Thursday, November 12, 2009

Deceased--Thomas J. O’Malley

Thomas J. O’Malley
October 8th, 1915 to November 6th, 2009

"Thomas J. O’Malley, Who Helped Launch Glenn Into Orbit, Dies at 94"


Dennis Hevesi

November 12th, 2009

The New York Times

Thomas J. O’Malley, the aviation engineer who pushed the button that launched the rocket that carried John Glenn into orbit in 1962, and who five years later played a major role in reviving the Apollo moon program after a launching-pad fire killed three astronauts, died Friday in Cocoa Beach, Fla. He was 94 and lived in Cocoa Beach.

The cause was pneumonia, his daughter, Kathleen O’Malley, said.

At the height of the cold war, with the United States still reeling from the haunting beep-beep-beep of Sputnik — the first artificial satellite, launched into space by the Soviet Union in 1957 — Mr. O’Malley was sent to Cape Canaveral by his company, General Dynamics, as its leading test engineer.

The company’s Convair division had built the Atlas, an intercontinental ballistic missile, and then received a federal contract to convert it into a spacecraft capable of lifting astronauts into orbit. Too often, to the further frustration of America’s space dreams, the Atlas had blown up on the launching pad. The company feared it would lose the contract.

Mr. O’Malley was “Convair’s toughest test conductor,” the astronauts Alan B. Shepard Jr. and Deke Slayton wrote in their history of the space program, “Moon Shot” (Turner Publishing, 1994). He “took no lip from anyone” and created a team that was “anxious to work day and night and turn the Atlas into a fine piece of reliable machinery,” they wrote.

In an interview with The New York Times in 2007, Mr. O’Malley said, “We had one goal: to get something up there as soon as possible.”

On the morning of Feb. 20, 1962, Mr. O’Malley pressed the button that fired the Atlas booster rockets and sent Mr. Glenn on his way to becoming the first American to orbit the Earth.

Tape recordings caught Mr. O’Malley’s words at that moment: “May the good Lord ride all the way.”

Five years later Mr. O’Malley was summoned again to handle a difficult situation. On Jan. 27, 1967, three astronauts — Virgil I. Grissom, who was known as Gus, Edward H. White II and Roger B. Chaffee Jr. — were killed when fire engulfed their Apollo command module during a training exercise on the launching pad.

The command module had been built by North American Aviation. NASA officials recommended that Mr. O’Malley, who was still working for General Dynamics, be hired by North American as its new director of command module launch operations. The command module is the vehicle that carries the crew to and from the vicinity of the Moon, as opposed to the lunar module, which lands on the Moon.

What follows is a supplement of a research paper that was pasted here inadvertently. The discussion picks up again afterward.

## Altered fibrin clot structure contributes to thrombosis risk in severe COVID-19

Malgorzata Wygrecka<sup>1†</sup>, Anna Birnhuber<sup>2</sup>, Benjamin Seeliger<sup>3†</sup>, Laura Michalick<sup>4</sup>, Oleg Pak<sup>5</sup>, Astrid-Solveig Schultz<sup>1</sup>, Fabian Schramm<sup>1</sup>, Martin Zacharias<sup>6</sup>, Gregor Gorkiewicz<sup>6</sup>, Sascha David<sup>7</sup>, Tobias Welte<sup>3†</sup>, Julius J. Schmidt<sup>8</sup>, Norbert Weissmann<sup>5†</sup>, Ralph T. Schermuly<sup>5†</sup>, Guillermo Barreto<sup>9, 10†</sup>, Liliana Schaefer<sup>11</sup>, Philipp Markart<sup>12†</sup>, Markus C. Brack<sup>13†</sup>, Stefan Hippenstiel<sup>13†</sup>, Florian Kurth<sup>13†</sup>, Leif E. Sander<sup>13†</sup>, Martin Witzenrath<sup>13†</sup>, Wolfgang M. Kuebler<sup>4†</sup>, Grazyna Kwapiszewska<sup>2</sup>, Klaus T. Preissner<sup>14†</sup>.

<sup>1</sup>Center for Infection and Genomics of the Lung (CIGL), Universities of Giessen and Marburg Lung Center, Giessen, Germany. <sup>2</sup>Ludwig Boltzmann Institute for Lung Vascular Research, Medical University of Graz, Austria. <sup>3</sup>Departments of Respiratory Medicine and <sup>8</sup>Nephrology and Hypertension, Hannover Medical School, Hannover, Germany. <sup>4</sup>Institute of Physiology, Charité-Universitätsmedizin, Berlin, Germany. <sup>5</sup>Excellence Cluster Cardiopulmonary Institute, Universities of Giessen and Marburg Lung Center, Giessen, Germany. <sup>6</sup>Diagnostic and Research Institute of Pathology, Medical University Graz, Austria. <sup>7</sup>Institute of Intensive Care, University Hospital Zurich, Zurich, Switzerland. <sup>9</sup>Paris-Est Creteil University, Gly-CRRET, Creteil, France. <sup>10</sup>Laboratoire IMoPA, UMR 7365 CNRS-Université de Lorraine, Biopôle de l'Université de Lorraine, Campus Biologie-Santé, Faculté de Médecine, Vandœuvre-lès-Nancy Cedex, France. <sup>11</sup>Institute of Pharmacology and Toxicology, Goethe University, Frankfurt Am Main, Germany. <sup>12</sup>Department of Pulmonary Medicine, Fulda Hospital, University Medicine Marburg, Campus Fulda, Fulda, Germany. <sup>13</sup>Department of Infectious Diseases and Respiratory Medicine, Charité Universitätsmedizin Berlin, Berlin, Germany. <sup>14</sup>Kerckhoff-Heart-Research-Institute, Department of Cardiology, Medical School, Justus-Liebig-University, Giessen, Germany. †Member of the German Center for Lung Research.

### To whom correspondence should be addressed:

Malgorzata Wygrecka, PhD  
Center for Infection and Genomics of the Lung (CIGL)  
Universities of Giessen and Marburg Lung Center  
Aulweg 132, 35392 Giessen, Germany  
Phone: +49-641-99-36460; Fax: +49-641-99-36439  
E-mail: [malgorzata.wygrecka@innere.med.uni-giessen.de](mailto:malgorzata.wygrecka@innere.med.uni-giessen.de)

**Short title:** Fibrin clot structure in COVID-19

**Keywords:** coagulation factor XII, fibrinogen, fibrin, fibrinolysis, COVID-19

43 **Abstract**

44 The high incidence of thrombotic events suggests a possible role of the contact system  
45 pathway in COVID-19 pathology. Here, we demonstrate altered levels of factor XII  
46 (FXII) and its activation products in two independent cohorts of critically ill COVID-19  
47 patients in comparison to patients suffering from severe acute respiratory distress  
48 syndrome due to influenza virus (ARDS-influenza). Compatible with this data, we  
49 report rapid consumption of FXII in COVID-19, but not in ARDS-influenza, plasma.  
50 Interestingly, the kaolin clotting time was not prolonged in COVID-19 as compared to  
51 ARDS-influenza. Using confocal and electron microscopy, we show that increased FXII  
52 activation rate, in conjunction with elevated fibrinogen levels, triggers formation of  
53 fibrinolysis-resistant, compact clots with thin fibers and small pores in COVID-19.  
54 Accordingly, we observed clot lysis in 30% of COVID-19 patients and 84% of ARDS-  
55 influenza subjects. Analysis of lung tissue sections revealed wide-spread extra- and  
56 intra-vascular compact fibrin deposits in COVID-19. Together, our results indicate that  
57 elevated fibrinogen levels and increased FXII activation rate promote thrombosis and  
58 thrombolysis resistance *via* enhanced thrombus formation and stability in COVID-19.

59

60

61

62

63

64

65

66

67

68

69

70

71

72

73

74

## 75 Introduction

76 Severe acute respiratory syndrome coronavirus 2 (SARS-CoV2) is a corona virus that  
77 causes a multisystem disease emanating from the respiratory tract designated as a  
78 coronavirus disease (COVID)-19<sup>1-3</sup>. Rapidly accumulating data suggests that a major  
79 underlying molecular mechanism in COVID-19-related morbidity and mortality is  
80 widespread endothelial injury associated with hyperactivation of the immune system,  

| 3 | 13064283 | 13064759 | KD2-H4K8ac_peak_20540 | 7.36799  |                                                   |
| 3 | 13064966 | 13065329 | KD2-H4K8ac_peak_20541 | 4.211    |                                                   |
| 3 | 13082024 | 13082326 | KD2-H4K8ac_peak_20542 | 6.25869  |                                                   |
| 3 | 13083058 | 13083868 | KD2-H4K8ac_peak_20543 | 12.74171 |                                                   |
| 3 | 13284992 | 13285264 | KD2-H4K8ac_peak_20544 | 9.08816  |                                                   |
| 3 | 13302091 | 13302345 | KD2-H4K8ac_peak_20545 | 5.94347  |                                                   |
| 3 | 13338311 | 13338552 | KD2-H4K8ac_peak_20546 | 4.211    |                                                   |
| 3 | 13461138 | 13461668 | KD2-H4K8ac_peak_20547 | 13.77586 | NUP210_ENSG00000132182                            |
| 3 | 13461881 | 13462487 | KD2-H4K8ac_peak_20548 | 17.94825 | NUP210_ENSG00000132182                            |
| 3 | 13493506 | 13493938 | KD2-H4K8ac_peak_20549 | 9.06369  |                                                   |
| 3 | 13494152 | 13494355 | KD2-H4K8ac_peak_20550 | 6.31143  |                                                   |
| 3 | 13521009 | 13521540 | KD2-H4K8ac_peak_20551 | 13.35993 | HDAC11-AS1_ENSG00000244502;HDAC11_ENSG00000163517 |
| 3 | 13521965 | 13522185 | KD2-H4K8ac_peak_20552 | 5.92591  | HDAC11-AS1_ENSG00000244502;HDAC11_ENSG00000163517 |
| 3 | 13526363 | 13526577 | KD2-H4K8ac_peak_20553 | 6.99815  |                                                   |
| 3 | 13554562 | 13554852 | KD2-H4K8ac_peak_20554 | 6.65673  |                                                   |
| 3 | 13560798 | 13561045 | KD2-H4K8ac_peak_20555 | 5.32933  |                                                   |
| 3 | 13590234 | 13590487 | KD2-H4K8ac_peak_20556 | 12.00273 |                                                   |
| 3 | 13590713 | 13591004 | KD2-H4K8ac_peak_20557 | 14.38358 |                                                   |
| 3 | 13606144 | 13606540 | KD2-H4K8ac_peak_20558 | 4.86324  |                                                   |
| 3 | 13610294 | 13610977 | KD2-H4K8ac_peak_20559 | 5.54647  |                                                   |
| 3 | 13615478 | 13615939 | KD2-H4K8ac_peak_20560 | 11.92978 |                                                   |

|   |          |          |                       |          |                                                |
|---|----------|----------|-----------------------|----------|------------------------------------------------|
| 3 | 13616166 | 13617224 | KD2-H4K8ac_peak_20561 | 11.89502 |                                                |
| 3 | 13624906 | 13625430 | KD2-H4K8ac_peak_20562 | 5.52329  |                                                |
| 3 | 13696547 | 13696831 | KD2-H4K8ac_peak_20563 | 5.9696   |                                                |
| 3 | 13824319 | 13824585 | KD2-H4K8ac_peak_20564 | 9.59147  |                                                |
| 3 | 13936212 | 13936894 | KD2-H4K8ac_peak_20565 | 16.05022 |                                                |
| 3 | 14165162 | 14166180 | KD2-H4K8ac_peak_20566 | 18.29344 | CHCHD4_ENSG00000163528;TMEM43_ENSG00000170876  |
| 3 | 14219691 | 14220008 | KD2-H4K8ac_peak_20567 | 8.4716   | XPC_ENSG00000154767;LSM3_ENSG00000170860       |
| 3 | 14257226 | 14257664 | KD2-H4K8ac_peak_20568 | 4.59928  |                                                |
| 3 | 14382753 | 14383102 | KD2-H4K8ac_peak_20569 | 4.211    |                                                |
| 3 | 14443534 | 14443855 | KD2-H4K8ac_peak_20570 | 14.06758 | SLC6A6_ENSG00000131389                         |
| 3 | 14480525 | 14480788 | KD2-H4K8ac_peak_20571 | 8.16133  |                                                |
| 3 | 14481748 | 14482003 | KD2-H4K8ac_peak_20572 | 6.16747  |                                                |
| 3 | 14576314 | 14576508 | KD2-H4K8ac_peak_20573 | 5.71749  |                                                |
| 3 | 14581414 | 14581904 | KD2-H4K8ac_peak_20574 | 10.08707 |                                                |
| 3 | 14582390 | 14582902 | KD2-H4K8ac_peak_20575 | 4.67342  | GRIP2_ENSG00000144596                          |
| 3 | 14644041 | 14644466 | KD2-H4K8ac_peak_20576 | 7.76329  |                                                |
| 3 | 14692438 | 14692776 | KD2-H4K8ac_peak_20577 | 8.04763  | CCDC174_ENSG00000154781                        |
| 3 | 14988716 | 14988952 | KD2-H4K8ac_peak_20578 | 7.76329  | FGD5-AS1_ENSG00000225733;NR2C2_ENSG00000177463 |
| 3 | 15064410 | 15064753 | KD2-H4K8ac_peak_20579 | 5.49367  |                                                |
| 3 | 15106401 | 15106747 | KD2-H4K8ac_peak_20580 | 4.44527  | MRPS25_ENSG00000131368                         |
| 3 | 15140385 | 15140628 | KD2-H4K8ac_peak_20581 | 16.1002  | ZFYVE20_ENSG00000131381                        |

“There were all sorts of recriminations after the fire,” John Tribe, who worked closely with Mr. O’Malley, said in an interview on Tuesday, “and NASA knew what Tom could do.”

A new command module, incorporating a raft of safety modifications, was built at the North American Aviation plant in Downey, Calif. “Tom was responsible for setting up the operation in Florida that prepared all the equipment, putting the propellants on board, checking it all out — a complex operation,” said Mr. Tribe, who later became chief engineer for the Boeing-Rockwell Company. “We were working seven days a week, 24 hours a day, evaluating and tracking every task.”

“He was a big guy,” Mr. Tribe added. “He could intimidate people, be foulmouthed; but, by golly, he led.”

On Oct. 11, 1968, Apollo 7, the first manned mission in the Apollo program, was launched. It orbited the Earth for 11 days.

Thomas Joseph O’Malley was born on Oct. 8, 1915, in Montclair, N.J., to Thomas and Alice Martin O’Malley. He earned a bachelor’s degree in mechanical engineering in 1936 from the Newark College of Engineering, now the New Jersey Institute of Technology, and first worked in aviation at the Wright Aeronautical Corporation in Paterson, N.J. He joined General Dynamics in 1958.

Besides his daughter, Mr. O’Malley is survived by his wife of 65 years, the former Anne Arneth; two sons, Thomas Jr. and James; three sisters, Winifred Dean, Eileen Lohr and Dorothy Ihde; three grandchildren; and two great-grandchildren.

Memorabilia from the early days of the space age surrounded Mr. O’Malley at his home in Cocoa Beach, not far from the launching pads. Mounted on a piece of varnished wood was the black starter button from the 1962 Glenn flight.

At Cape Canaveral, a plaque bolted to the base of a streetlight on the road leading to Pad 14, the site of the Glenn launching, reads, “O’Malley’s Guiding Light.”

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